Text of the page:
Friday, August 16, 2013

Bridge Blog 707: Bad omen

Just like your birthday is supposed to be a preview of the upcoming year, I suspect that sometimes the first hand of the day can presage the rest of the game. So it was with great pleasure that I counted up the high card points in the following collection of cards to start my partnership Friday with Alicia Kolipinski at the Airport Bridge Club.

Spades: A-Q; Hearts: J-9-4; Diamonds: A-K-9-7-3; Clubs: A-K-6

Yup, 21 high card points. Add another point for the five-card Diamond suit. After Alicia and the player sitting North passed, I had no qualms at all about opening with a 2 No Trump bid. Pass-pass-pass. Alicia’s pass was ominous. “Well, OK, down two,” I chirped in the face of what was starting to feel like disaster. And sure enough, I was able to take only six tricks. Down two, vulnerable. Here’s Alicia’s hand:

Spades: J-9-8-5; Hearts: Q-5-3-2; Diamonds: 10-4; Clubs 9-5-2

South led the 5 of Diamonds and I let North’s Queen take the trick, figuring that this would be the safety play that would allow me to scoop up the other four Diamond tricks. Add to that the two high Clubs and either a successful finesse of the King of Spades or the emergence of a Heart trick down the line.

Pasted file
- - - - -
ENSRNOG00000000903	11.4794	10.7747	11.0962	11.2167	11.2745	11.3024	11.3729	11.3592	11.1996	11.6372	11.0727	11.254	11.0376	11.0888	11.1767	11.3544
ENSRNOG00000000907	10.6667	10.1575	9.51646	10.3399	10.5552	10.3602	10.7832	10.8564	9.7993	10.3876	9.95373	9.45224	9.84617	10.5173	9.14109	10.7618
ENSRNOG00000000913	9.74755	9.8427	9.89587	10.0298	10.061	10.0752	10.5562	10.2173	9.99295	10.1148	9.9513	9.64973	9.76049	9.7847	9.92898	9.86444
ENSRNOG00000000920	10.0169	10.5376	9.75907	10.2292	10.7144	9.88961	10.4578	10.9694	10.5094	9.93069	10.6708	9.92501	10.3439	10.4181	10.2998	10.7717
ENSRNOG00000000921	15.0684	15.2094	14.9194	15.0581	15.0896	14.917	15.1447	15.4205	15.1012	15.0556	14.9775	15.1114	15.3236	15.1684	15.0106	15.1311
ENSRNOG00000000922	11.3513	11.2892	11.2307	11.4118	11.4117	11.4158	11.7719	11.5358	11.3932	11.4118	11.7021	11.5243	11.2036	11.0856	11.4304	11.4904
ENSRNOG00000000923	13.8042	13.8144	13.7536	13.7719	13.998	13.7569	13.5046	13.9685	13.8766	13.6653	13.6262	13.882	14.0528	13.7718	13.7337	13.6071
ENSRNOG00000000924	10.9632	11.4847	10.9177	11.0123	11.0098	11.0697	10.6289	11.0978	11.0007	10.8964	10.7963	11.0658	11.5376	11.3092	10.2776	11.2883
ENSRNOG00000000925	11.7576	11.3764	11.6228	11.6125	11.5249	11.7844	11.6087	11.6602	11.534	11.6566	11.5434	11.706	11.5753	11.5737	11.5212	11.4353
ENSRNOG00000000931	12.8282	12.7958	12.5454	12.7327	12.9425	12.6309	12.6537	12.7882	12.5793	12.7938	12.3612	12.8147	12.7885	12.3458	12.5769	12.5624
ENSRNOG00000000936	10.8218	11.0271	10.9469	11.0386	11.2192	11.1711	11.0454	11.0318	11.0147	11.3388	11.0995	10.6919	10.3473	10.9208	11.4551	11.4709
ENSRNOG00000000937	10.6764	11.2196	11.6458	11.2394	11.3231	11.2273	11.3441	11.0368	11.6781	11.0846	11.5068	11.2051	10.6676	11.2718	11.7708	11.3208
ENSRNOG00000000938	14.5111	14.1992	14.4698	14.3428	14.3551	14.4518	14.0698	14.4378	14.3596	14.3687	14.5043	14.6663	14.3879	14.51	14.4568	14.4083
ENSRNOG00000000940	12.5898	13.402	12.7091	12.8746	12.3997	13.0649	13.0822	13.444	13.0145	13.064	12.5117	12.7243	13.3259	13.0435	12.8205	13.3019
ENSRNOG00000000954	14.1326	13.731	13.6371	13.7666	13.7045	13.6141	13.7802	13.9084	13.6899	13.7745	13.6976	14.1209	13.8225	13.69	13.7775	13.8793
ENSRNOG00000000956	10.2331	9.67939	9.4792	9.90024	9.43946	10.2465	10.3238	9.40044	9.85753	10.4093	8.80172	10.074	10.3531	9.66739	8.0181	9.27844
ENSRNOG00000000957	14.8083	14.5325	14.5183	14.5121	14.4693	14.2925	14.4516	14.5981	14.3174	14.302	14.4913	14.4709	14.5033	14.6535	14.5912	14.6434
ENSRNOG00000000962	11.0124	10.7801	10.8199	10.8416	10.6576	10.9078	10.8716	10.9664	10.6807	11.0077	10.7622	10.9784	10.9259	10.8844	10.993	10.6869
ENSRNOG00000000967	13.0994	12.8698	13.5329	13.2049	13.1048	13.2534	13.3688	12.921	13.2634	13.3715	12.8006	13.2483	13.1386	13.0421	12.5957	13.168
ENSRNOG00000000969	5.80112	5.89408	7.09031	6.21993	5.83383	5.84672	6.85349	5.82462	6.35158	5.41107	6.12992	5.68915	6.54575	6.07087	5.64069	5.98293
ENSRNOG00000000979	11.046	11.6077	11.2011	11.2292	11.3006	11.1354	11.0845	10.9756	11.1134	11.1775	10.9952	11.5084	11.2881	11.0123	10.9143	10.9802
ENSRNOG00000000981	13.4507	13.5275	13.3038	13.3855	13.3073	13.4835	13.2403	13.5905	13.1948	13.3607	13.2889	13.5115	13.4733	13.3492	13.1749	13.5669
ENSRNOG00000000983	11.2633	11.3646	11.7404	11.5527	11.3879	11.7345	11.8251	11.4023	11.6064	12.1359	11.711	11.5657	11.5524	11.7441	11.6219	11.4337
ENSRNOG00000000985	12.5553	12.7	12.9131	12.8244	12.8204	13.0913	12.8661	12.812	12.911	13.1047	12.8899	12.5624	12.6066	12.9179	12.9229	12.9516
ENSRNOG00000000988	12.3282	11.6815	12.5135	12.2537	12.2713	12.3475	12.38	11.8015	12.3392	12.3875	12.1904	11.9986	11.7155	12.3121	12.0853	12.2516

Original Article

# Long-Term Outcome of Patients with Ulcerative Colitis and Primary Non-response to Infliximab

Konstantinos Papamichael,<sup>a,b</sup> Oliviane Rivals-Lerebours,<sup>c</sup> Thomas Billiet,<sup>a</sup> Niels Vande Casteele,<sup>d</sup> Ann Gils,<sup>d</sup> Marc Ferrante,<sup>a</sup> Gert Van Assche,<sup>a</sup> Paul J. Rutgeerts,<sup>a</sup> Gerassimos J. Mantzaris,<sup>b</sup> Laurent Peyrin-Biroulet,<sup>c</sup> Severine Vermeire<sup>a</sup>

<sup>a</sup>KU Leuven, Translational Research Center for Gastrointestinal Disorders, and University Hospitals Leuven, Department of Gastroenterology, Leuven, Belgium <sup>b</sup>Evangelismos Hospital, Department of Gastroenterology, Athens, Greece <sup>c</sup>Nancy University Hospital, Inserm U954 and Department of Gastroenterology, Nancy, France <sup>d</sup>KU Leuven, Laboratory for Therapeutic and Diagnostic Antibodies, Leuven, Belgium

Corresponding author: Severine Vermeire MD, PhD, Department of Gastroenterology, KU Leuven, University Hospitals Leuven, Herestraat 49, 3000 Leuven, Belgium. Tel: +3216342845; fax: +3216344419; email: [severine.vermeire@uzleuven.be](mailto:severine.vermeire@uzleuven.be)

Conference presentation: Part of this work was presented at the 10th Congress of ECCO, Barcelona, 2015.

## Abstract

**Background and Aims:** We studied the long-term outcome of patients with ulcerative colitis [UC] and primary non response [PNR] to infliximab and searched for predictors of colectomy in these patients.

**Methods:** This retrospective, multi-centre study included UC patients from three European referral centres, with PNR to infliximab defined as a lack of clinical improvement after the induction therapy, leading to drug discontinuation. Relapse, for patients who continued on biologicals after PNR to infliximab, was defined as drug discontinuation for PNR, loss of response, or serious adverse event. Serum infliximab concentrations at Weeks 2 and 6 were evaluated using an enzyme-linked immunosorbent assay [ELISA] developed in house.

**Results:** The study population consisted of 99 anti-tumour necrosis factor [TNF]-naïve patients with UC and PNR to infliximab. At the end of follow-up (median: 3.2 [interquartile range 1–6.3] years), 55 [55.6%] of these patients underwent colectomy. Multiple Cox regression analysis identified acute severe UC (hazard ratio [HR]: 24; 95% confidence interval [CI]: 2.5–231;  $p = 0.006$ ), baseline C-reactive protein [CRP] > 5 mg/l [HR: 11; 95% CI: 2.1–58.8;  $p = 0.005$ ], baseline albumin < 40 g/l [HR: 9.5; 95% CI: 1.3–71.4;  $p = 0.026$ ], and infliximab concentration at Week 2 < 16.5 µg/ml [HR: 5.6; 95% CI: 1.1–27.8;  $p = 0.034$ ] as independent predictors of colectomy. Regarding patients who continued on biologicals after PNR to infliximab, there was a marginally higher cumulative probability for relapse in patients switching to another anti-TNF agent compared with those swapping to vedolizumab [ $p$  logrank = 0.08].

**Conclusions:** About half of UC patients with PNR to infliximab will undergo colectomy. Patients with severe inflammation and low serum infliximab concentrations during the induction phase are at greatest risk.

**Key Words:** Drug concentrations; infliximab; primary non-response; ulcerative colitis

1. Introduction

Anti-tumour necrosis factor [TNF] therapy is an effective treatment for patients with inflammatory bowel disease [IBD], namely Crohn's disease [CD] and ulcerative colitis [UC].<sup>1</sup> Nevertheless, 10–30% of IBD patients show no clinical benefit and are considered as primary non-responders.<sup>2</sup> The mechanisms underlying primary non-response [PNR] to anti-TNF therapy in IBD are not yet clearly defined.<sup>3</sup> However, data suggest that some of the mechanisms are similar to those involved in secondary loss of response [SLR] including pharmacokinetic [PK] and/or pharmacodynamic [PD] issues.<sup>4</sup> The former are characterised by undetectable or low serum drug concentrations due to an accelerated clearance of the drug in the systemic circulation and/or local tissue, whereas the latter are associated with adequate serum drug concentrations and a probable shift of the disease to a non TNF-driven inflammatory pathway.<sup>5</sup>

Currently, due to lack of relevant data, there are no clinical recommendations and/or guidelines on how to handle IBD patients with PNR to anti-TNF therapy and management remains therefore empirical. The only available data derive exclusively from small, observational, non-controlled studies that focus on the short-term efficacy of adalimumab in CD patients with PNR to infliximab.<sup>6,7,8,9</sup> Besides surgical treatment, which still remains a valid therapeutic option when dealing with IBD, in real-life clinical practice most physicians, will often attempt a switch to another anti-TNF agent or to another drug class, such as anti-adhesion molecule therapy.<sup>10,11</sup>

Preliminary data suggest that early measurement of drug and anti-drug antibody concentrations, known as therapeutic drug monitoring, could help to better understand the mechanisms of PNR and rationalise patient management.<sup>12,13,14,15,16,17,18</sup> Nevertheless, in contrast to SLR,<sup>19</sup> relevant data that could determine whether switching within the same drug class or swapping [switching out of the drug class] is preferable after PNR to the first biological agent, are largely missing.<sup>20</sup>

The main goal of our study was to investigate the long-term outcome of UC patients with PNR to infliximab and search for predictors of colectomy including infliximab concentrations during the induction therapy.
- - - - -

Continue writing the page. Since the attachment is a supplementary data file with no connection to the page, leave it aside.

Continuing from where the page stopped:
Wrong. South had five Diamonds. The winning Queen was a singleton. The Club finesse didn’t work. And before I could make the long Hearts good, the opponents had taken seven tricks – three Diamonds, two Hearts and two Clubs. Here are the other two hands:


Spades: 10-6-4-3; Hearts: A-K-10-8; Diamond: Q; Club: 10-8-4-3


Spades: K-7-2; Hearts: 7-6; Diamonds: J-8-6-5-2; Clubs: Q-J-7

Checking the scores after the game, I discovered that East was declarer at all 9 tables. In No Trump. Five times at 2 NT. Four times at 3 NT. One of the 2 NT bidders actually made the bid. Everybody else went down. Of the 3 NT bidders, one took 6 tricks, like I did; two took 7 and one took 8. Among the three other unsuccessful 2 NT bidders, one took 6 tricks, two took 7.

While it wasn’t a bottom board, it gave us only 2.5 match points out of a possible 8. And it began a stunning string of reverses. When we got to our final table, Jim Mathis looked over at Alicia’s score sheet and remarked something about how one column had nothing but negative scores (every board from 1 to 16). I told Alicia we’d be lucky to finish over 30%. Thanks to three good hands against Mathis and his partner, Judi Marshall, we were able to lift ourselves up to 40.22%. Although Mathis and Marshall claimed they were doing poorly, they weren’t. They were first overall with more than 60%.

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